George Shearing, the jazz pianist who wrote the standard "Lullaby of Birdland" and amused audiences for decades on both sides of the Atlantic, died Monday. He was 91.
Shearing was born in London and was blind from birth. He began playing in pubs before he joined a group put together by the National Institute of the Blind. In the 1940s, he was one of England's most popular jazz musicians, playing in air-raid shelters during the war, but in 1947, he decided to move to New York — then the center of modern jazz.
In 1986, Shearing joined Fresh Air host Terry Gross for a conversation about his decades in the music industry and his 1952 song "Lullaby of Birdland." He famously composed his biggest commercial hit in just 10 minutes.
"The Birdland [club] needed a theme song for a six-hour disc-jockey show that they had in the early '50s," Shearing said. "So I wrote this thing. I heard it in my head. I wrote it in 10 minutes — I always say 10 minutes and 35 years in the business — over a steak in my dining room when I lived in New Jersey. I went back to that same butcher a thousand times trying to get that same steak again. So they liked it, and they played it every hour on the hour, which is, of course, why it became my best-known song, because that was my only well-known song."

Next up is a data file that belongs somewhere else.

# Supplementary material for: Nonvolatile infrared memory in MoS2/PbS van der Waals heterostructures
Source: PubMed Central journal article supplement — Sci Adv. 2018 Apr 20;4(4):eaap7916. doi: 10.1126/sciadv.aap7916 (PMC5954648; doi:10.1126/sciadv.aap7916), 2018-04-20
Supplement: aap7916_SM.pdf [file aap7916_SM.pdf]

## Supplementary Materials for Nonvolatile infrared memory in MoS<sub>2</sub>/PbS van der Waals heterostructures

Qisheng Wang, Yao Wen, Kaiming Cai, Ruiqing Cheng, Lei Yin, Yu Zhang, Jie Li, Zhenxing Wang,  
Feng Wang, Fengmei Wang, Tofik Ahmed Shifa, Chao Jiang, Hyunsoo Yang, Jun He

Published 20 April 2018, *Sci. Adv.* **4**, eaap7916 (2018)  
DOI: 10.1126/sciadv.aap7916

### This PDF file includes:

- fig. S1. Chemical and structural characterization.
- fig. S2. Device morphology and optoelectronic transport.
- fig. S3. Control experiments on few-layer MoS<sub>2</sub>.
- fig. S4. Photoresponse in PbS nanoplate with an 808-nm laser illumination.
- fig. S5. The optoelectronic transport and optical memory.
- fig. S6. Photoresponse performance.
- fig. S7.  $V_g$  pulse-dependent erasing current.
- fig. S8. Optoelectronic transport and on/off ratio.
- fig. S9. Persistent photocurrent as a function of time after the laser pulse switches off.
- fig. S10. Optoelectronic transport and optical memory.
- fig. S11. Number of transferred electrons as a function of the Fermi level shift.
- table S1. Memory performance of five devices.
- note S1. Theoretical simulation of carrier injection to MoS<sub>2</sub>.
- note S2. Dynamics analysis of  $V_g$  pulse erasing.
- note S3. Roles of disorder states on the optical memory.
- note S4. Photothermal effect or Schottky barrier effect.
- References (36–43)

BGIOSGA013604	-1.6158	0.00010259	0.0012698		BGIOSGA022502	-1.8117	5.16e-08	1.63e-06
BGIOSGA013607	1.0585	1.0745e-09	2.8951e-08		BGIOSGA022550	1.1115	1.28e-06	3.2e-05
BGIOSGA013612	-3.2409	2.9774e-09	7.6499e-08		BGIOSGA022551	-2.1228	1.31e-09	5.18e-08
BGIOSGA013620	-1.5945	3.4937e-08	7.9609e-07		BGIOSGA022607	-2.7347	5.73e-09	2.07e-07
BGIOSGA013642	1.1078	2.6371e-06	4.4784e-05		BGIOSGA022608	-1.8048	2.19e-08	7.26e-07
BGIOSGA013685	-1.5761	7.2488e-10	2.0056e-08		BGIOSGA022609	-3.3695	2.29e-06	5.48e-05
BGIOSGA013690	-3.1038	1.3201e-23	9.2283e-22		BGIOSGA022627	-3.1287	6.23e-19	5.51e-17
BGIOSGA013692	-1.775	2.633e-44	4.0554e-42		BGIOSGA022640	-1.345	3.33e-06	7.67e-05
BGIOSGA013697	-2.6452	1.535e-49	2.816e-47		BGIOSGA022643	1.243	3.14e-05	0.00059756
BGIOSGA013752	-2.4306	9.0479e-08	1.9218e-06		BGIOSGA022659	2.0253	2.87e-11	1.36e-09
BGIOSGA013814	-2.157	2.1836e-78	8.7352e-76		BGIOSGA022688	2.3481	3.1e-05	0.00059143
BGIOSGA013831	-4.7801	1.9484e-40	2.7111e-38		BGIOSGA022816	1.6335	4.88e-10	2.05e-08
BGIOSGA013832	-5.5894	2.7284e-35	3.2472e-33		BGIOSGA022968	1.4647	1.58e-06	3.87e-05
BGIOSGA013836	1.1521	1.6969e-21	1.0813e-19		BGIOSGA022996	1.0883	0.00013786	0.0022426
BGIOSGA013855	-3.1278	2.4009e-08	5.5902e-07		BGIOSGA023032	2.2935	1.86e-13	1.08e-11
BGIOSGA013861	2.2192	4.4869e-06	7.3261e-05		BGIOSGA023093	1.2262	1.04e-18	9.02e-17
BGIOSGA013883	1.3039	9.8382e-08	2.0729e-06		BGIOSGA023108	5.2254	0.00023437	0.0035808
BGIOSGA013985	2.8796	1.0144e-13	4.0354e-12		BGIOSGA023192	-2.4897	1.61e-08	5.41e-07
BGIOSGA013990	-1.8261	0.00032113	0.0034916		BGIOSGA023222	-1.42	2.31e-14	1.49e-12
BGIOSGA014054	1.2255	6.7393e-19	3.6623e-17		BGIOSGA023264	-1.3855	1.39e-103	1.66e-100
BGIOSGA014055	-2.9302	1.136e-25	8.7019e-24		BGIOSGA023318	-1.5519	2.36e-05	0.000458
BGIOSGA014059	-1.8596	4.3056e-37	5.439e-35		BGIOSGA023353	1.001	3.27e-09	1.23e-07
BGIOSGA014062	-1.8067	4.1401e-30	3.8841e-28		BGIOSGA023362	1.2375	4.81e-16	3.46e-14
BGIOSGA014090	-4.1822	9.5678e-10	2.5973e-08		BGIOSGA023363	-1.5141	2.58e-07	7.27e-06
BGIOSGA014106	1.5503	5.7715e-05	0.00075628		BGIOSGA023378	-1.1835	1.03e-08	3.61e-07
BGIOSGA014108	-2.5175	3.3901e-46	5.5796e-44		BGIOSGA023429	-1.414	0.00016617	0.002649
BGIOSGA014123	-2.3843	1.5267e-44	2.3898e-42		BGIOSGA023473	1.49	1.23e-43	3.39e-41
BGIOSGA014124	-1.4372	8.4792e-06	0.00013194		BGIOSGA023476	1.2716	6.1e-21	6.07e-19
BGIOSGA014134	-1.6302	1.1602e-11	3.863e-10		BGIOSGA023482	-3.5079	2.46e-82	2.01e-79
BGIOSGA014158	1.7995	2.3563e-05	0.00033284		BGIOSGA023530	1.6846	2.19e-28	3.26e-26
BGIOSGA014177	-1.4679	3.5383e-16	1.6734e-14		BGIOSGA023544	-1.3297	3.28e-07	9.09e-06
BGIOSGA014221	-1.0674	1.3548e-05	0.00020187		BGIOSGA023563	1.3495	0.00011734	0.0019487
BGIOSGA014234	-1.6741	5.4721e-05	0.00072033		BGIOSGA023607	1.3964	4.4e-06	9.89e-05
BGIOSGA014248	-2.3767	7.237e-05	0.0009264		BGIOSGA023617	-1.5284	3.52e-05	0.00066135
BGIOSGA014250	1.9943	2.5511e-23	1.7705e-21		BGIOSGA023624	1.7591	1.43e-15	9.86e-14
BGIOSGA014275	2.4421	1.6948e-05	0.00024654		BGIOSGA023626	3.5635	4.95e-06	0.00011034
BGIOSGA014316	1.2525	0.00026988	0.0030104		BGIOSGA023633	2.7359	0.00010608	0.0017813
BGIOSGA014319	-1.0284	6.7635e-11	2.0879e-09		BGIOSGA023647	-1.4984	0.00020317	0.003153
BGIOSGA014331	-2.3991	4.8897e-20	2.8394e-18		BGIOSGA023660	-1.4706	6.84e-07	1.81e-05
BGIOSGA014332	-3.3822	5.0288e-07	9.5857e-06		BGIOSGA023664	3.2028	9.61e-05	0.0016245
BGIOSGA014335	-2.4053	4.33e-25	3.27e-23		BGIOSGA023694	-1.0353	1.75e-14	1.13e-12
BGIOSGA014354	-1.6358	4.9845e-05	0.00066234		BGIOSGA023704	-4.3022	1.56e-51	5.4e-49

Shearing often joked about the success of "Lullaby of Birdland." At his 80th-birthday celebration at Carnegie Hall in 1999, he introduced the song by saying, "I have been credited with writing 300 songs. Two hundred ninety-nine enjoyed a bumpy ride from relative obscurity to total oblivion. Here is the other one."
Shearing is survived by his wife Geffert and his daughter Wendy.